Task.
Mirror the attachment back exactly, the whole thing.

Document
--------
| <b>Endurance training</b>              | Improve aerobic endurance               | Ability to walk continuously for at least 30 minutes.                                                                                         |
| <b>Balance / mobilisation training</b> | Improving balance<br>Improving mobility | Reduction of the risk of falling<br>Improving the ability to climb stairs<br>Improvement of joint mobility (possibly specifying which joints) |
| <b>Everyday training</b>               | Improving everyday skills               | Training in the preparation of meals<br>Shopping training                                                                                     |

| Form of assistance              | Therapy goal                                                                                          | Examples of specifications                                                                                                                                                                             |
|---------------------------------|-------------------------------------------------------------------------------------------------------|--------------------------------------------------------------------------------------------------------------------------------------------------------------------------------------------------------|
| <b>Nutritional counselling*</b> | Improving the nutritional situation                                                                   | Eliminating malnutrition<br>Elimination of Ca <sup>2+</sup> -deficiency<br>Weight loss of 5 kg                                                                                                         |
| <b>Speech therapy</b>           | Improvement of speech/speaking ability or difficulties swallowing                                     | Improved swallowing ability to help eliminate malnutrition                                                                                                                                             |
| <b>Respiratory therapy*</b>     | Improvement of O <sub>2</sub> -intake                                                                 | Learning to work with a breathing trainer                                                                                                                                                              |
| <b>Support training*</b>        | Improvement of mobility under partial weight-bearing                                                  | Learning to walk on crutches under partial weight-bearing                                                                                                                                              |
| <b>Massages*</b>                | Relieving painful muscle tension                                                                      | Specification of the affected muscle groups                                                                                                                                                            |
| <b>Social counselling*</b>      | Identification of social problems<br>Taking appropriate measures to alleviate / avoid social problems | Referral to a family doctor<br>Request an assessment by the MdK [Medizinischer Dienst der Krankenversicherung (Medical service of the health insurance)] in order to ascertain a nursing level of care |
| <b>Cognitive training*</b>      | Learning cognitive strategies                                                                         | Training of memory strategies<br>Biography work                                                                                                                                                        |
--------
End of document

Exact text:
| <b>Endurance training</b>              | Improve aerobic endurance               | Ability to walk continuously for at least 30 minutes.                                                                                         |
| <b>Balance / mobilisation training</b> | Improving balance<br>Improving mobility | Reduction of the risk of falling<br>Improving the ability to climb stairs<br>Improvement of joint mobility (possibly specifying which joints) |
| <b>Everyday training</b>               | Improving everyday skills               | Training in the preparation of meals<br>Shopping training                                                                                     |

| Form of assistance              | Therapy goal                                                                                          | Examples of specifications                                                                                                                                                                             |
|---------------------------------|-------------------------------------------------------------------------------------------------------|--------------------------------------------------------------------------------------------------------------------------------------------------------------------------------------------------------|
| <b>Nutritional counselling*</b> | Improving the nutritional situation                                                                   | Eliminating malnutrition<br>Elimination of Ca <sup>2+</sup> -deficiency<br>Weight loss of 5 kg                                                                                                         |
| <b>Speech therapy</b>           | Improvement of speech/speaking ability or difficulties swallowing                                     | Improved swallowing ability to help eliminate malnutrition                                                                                                                                             |
| <b>Respiratory therapy*</b>     | Improvement of O <sub>2</sub> -intake                                                                 | Learning to work with a breathing trainer                                                                                                                                                              |
| <b>Support training*</b>        | Improvement of mobility under partial weight-bearing                                                  | Learning to walk on crutches under partial weight-bearing                                                                                                                                              |
| <b>Massages*</b>                | Relieving painful muscle tension                                                                      | Specification of the affected muscle groups                                                                                                                                                            |
| <b>Social counselling*</b>      | Identification of social problems<br>Taking appropriate measures to alleviate / avoid social problems | Referral to a family doctor<br>Request an assessment by the MdK [Medizinischer Dienst der Krankenversicherung (Medical service of the health insurance)] in order to ascertain a nursing level of care |
| <b>Cognitive training*</b>      | Learning cognitive strategies                                                                         | Training of memory strategies<br>Biography work                                                                                                                                                        |